2011-2012 Season

Inside the Play: Manufacturing offense for Jordan Morgan

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Jordan Morgan has developed more in the last two years than many expected throughout his career. He’s transformed his body and developed into an effective player around the basket but he’s not an individual offensive threat. Michigan isn’t going to throw the ball to him on the block six or seven times per game and let him isolate with his back to the basket. His scoring is broken down into a handful of distinct categories: putbacks, transition baskets, pick and roll baskets and a handful of easy looks at the basket within the offense. We’ve studied the pick-and-roll in depth for some time and discussed how well Morgan runs the floor but here’s a closer look at some things that the Wolverines do to get him easy opportunities when they need a bucket.

This play is one of the most common ways, other than the ball screen, that Michigan generates half court offense for Morgan. The Wolverines love to run this play at the start of the second half and will also run it quite a bit out of timeouts when the offense is struggling. The play starts in one of Michigan’s more basic sets, pictured above, as Trey Burke works the ball to Evan Smotrycz on the wing.

As Burke passes the ball to Smotrycz, Novak (the off guard in this set) is going to cut down the lane. This is a modified version of Michigan’s shuffle set (diagrammed here). Novak is going to cut down the lane and flash for the ball.ISU Play -16

Smotrycz isn’t going to pass the ball to Novak, rather he’s going to reverse the ball back to Burke at the top of the key.

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From here, Michigan would typically reverse the ball to the other side of the court. To do this, Jordan Morgan is going to set a screen for Tim Hardaway Jr. who will typically end up with a great opportunity to curl to the basket and make something happen.
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However, this is not the base offense and two variations are going to occur. Rather than cut back to the perimeter on the near wing, Zack Novak is going to set a backscreen on Jordan Morgan’s man. Meanwhile, Morgan is going to roll straight to the basket and use Novak’s screen to get open.

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Burke doesn’t pass the ball to Hardaway as he would in the normal offense, instead he pivots back the other direction and gives the ball back to Smotrycz on the other wing.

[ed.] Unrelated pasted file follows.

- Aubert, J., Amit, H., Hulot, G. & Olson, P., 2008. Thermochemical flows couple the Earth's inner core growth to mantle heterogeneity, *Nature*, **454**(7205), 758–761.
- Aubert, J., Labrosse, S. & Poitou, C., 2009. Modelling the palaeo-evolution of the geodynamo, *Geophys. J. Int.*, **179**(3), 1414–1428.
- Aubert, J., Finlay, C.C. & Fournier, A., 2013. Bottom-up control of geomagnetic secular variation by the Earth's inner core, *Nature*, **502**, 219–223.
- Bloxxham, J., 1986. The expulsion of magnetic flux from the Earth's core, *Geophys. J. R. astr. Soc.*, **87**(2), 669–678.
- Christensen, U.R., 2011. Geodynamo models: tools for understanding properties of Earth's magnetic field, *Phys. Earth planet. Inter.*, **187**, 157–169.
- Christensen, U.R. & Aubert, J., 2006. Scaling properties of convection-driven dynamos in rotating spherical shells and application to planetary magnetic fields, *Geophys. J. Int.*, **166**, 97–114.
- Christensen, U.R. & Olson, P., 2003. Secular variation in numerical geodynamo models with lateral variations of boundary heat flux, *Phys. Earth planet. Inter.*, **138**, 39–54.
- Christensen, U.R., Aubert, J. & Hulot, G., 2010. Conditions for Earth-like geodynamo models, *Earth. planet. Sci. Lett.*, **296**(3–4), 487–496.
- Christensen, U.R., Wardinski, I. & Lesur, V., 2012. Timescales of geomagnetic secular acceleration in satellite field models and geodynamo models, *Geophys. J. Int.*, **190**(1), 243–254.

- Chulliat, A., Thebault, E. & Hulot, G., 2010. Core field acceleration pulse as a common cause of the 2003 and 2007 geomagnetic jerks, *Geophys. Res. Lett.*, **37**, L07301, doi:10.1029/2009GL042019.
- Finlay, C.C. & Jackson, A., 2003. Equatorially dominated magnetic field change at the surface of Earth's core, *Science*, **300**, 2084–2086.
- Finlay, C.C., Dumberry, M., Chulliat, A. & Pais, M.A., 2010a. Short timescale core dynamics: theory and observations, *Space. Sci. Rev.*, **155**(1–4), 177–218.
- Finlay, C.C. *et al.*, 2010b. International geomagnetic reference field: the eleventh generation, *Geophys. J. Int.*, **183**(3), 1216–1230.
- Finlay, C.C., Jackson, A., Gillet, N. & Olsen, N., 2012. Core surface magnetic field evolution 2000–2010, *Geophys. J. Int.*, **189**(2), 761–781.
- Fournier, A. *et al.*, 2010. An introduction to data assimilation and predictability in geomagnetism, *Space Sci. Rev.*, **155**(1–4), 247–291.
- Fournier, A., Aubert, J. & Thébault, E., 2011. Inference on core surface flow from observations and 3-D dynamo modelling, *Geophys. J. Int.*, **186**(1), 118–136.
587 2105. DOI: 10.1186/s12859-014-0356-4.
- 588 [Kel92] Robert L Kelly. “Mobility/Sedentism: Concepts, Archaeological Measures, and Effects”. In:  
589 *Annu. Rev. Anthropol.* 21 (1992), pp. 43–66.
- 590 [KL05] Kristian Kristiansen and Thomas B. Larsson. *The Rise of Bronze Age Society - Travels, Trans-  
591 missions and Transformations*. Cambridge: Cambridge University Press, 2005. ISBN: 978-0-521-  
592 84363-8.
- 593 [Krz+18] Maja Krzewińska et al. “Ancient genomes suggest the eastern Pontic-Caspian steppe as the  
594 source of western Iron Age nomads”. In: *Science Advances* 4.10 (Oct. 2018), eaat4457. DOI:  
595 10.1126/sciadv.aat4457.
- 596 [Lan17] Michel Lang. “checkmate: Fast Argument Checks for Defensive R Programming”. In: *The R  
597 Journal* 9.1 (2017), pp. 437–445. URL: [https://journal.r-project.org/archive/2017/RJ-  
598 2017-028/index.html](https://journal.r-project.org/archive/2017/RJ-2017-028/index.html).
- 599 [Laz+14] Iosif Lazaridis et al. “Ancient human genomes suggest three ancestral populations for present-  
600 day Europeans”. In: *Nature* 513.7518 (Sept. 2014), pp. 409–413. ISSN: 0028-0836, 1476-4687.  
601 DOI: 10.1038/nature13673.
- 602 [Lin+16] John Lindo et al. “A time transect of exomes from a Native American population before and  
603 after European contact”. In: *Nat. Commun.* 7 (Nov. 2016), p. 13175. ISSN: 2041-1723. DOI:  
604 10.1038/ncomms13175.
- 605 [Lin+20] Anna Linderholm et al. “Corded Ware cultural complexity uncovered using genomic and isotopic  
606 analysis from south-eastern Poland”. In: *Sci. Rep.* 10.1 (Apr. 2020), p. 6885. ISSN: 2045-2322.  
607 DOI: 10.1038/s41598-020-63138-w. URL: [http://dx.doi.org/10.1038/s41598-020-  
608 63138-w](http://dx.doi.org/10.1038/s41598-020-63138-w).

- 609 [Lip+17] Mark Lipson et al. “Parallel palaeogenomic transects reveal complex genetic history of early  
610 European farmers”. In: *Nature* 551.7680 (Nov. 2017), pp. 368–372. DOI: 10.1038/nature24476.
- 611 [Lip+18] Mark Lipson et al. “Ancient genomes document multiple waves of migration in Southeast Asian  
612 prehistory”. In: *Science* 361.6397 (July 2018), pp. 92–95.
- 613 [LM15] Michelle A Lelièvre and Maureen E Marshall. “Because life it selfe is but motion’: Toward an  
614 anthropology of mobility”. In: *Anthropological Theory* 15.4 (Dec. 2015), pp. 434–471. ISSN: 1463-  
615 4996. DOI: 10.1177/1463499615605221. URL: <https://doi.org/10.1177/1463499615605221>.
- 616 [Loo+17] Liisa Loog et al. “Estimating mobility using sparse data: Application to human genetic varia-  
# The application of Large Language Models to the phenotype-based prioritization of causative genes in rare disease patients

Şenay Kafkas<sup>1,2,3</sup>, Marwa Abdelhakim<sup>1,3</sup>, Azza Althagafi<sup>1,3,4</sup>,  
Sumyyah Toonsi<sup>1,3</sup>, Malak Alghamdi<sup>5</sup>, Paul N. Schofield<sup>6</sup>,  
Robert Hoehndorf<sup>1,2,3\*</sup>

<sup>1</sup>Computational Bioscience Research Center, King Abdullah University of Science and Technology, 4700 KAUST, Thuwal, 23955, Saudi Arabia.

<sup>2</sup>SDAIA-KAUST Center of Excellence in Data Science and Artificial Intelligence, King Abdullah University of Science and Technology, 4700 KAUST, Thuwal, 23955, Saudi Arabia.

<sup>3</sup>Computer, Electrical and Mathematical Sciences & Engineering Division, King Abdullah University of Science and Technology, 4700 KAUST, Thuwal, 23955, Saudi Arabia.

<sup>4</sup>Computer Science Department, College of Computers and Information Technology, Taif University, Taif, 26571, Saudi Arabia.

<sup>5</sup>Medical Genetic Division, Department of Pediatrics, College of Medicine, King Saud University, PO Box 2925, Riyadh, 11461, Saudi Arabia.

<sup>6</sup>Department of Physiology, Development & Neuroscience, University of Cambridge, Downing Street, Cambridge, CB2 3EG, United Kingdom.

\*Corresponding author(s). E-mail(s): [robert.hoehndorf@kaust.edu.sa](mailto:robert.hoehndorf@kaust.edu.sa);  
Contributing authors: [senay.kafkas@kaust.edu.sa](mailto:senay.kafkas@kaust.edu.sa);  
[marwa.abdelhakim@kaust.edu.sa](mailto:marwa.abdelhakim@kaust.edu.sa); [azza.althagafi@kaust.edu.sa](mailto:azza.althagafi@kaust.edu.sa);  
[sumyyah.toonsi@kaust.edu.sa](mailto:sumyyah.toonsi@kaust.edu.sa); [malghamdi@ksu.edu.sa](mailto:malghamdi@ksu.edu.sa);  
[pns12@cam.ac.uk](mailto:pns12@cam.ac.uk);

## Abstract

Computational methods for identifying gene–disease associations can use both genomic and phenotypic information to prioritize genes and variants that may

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As Smotrycz catches the ball, Morgan is flashing wide open in the post for the easy layup and he makes the easy pass.
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There are many culprits here for Iowa State, most notably Royce White (#30) who is guarding Novak. White doesn’t provide any help on Morgan which means that once Morgan’s man is screened he’s free for the easiest of layups.

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Here’s the full motion:

As well as examples of the same play versus Oakland this year and Utah last season.

Against Nebraska Michigan ran a variation of this play, screening for the screener on a ball screen rather than an off ball screen. The set begins with Morgan setting a ball screen for Hardaway on the far wing.


Hardaway comes off the screen and Morgan’s man stays to help on Hardaway but allows him to turn the corner a bit.


Morgan is going to roll as Hardaway quickly reverses the ball across the court to Burke. However, the play is made by Novak and Douglass, who are both waiting to set screens for Morgan’s original defender.


Novak’s screen picks off Morgan’s defender and Novak and Douglass’s defenders sit idle in the middle of the lane without providing any help.


Morgan has all of the space in the world as he cuts free to the basket behind the defense and Burke finds him for the easy layup.


In full motion:

This is a great way to make opposing defenses pay for all of the attention that has to be devoted toward defending the ball screen. Hardaway’s quick pass to reverse the ball is what makes this play because it puts Michigan in a position to attack.

Morgan is not a big post threat and he’s not going to develop into a post scorer overnight. However, wrinkles and reads like these are an important function of the offense running smoothly.

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